A Persian-American Wedding at GW River Farm
We have had several inquiries lately for Persian weddings and we have done quite a few over the years. I wanted to showcase one of my favorites and talk a little about what is actually involved in a Persian Wedding. I have always found multi-cultural weddings absolutely thrilling. This particular wedding drew from Iranian, “American” and Thai traditions (the groom was working in Thailand at the time).
I want to really just focus on the details of what makes a Persian ceremony so wonderful as so many websites do great job of explaining what a sofreh-ye-aqd (or Agdh) is – but rarely have photos! So for my upcoming engaged couples that are looking for a little more photo action for the “Persian wedding cloth”…here it goes.
There are two stages to a Persian wedding/marriage. The first is called ”Agdh” or “Aqd”, which is the legal process of getting married. Typically the couple and their parents will sign a contract together. The second stage is the “Jashn-e Aroosi” (the wedding celebrations and festivities). In Iran, most traditional celebrations can last up to 2 to 7 days! Let’s just say for simplicity purposes, if you are here in the States, this will most likely only last 4-6 hours!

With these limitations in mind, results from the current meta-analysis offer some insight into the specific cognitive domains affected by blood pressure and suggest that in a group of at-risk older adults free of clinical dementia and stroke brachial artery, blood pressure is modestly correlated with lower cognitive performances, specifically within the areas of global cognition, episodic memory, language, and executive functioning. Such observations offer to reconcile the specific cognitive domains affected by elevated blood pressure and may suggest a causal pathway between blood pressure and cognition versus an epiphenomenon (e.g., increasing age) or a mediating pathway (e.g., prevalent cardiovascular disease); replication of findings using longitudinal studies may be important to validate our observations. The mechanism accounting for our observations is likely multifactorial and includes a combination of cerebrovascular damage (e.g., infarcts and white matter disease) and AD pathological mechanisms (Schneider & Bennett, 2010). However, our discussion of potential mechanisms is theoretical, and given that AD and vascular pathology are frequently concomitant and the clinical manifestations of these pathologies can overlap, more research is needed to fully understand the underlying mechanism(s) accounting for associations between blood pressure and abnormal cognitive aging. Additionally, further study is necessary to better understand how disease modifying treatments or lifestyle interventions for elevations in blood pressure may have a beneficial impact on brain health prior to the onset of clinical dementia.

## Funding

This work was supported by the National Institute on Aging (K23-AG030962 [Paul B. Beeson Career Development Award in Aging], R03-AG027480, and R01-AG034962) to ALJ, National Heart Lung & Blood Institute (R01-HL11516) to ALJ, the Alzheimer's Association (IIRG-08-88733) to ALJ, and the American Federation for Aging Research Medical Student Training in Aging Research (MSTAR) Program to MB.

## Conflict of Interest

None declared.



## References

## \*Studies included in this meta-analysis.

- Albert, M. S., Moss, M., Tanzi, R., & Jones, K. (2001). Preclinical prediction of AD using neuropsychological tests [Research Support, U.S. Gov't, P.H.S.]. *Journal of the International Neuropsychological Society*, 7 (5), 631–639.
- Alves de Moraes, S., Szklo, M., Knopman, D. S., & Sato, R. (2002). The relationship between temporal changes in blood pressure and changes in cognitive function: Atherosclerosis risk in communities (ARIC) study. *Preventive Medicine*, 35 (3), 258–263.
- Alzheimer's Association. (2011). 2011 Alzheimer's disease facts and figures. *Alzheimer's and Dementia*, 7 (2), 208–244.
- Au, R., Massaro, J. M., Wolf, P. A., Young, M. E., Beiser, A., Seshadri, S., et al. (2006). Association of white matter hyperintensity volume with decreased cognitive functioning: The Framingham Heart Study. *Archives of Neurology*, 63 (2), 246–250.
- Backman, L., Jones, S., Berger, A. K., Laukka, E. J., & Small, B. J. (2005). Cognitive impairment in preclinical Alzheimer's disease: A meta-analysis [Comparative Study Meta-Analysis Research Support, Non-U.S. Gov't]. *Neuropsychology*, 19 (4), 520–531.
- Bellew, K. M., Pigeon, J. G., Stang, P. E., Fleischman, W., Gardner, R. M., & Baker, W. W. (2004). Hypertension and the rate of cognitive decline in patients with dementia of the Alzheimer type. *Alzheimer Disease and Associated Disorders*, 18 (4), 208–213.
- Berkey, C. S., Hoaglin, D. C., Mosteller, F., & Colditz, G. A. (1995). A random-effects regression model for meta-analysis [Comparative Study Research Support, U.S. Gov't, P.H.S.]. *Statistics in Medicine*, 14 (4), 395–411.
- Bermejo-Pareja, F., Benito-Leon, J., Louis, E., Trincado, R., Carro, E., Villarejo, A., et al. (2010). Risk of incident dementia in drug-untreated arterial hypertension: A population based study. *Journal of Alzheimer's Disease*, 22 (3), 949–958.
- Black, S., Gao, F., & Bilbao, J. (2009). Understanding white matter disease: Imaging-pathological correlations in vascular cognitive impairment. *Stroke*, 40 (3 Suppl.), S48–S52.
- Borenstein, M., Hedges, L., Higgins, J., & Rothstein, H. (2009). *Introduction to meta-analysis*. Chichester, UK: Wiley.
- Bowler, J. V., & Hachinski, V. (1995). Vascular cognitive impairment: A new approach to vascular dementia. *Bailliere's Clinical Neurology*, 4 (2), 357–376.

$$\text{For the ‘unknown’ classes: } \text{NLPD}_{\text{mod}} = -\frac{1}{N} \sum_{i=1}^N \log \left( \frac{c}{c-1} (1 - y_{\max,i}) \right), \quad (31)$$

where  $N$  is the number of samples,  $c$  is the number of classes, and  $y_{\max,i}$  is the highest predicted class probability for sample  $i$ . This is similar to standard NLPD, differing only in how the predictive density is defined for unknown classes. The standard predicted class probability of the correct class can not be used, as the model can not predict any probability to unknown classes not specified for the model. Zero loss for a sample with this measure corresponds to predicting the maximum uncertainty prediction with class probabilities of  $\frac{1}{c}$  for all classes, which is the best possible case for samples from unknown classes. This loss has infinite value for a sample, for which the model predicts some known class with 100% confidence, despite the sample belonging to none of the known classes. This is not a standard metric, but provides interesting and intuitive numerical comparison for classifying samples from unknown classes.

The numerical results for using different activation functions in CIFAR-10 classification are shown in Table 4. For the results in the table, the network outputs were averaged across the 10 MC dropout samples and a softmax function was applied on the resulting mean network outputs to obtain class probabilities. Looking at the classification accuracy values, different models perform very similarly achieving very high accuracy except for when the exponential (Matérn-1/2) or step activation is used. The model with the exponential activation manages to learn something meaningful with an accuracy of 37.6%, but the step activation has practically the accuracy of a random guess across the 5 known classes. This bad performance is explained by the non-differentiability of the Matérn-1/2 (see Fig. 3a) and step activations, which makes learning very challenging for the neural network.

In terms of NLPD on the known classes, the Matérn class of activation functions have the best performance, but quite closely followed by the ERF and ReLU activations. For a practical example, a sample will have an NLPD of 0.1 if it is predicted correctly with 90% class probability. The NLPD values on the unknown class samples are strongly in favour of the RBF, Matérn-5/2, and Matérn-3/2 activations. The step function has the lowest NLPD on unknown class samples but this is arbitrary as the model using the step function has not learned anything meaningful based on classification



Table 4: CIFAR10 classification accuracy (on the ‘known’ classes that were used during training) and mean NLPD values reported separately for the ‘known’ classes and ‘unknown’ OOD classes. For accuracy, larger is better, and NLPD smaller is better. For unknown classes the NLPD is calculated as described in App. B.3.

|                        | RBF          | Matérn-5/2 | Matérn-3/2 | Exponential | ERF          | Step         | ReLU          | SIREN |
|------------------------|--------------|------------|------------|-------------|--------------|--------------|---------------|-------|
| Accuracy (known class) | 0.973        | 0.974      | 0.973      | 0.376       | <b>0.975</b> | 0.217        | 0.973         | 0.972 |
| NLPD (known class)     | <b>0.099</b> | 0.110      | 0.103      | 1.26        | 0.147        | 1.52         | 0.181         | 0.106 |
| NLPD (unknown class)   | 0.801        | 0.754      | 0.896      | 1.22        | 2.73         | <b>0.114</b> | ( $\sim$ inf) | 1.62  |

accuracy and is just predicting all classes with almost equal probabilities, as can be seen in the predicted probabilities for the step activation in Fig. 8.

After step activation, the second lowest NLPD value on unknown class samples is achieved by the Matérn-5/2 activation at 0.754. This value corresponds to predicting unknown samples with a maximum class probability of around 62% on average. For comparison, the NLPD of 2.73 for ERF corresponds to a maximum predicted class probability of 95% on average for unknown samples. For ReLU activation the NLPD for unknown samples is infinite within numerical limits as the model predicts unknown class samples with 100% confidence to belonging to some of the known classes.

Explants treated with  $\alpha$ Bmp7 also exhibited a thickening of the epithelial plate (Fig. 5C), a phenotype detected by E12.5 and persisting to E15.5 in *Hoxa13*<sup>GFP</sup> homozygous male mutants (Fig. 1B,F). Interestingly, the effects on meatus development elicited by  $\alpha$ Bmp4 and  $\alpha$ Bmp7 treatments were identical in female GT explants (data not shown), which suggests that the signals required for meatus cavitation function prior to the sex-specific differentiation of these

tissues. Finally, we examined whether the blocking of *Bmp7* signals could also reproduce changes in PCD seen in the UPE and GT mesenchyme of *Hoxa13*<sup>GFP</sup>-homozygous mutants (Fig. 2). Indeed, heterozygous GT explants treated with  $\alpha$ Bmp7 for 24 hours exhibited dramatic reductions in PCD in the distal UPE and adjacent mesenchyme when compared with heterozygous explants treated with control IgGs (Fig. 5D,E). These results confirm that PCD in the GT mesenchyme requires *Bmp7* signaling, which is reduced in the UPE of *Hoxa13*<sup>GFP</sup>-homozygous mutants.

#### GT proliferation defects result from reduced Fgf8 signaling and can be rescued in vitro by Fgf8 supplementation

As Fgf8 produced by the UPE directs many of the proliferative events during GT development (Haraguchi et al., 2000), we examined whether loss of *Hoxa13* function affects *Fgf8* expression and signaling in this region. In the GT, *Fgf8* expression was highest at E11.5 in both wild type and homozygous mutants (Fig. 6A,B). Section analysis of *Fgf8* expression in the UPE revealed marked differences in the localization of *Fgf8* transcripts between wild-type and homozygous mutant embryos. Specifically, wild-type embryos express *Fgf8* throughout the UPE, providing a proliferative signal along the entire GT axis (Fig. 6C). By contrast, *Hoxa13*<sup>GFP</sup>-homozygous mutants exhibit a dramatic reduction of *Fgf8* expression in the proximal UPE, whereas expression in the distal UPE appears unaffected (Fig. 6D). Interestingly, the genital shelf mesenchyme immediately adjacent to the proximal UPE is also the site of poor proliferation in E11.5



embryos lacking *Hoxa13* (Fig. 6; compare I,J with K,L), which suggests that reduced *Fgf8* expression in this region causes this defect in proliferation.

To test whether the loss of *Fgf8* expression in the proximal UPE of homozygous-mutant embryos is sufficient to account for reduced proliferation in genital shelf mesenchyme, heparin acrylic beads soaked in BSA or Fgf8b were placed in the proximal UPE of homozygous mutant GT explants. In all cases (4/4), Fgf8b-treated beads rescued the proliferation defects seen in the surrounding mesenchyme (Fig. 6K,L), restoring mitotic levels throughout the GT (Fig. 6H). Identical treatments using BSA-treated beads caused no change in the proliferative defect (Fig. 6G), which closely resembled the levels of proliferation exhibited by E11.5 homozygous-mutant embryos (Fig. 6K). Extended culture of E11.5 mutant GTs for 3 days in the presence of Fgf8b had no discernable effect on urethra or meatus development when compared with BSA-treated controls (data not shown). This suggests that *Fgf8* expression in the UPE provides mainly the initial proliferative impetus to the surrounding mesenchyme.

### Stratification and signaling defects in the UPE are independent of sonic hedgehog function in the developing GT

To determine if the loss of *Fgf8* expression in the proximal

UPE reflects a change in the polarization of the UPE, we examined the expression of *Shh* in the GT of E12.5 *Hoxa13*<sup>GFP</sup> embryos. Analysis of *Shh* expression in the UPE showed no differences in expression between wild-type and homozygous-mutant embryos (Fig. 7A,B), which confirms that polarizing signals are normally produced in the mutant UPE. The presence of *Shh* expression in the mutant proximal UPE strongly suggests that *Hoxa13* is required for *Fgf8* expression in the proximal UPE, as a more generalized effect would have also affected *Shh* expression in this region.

The ceremony will always have an elaborately decorated cloth on the floor which is called the “Sofreh-ye Aghd” (or “aqd”). You will need to have a bench or a love seat as you must sit close to each other during the ceremony and face east towards the direction of the sun. When planning your ceremony, you need to make sure you visit your ceremony site at the time of day that your actual ceremony will take place. This will help in the layout of your sofreh and chairs for guests. You may have restrictions due to the size and space of your venue. With the photos seen here at GW River Farm, the couple chose to have their ceremony outside (near their 1st ceremony – which was a mix of Western and Thai traditions). It is, however, customary to have the sofreh-ye agdh at the bride’s parents’ home. The arrival of your guests starts the wedding ceremony (so don’t expect it to start on time). This couple was smart by having their western ceremony first as it gave sufficient time for latecomers to be available for the Persian ceremony. Parents and elders welcome all of the guests and guide them to their seats. If one of you is not Persian, be sure to take the lead from the Persian side of the wedding. (Just a note: each family is different in respect to traditions – so be sure to ask what your family can be doing to help or to simply stay away from if you are not the Persian side.) After all the guests have arrived, the groom takes his place first, before the bride, on the right hand side of the bench or loveseat. The right side is thought to be a symbol of respect.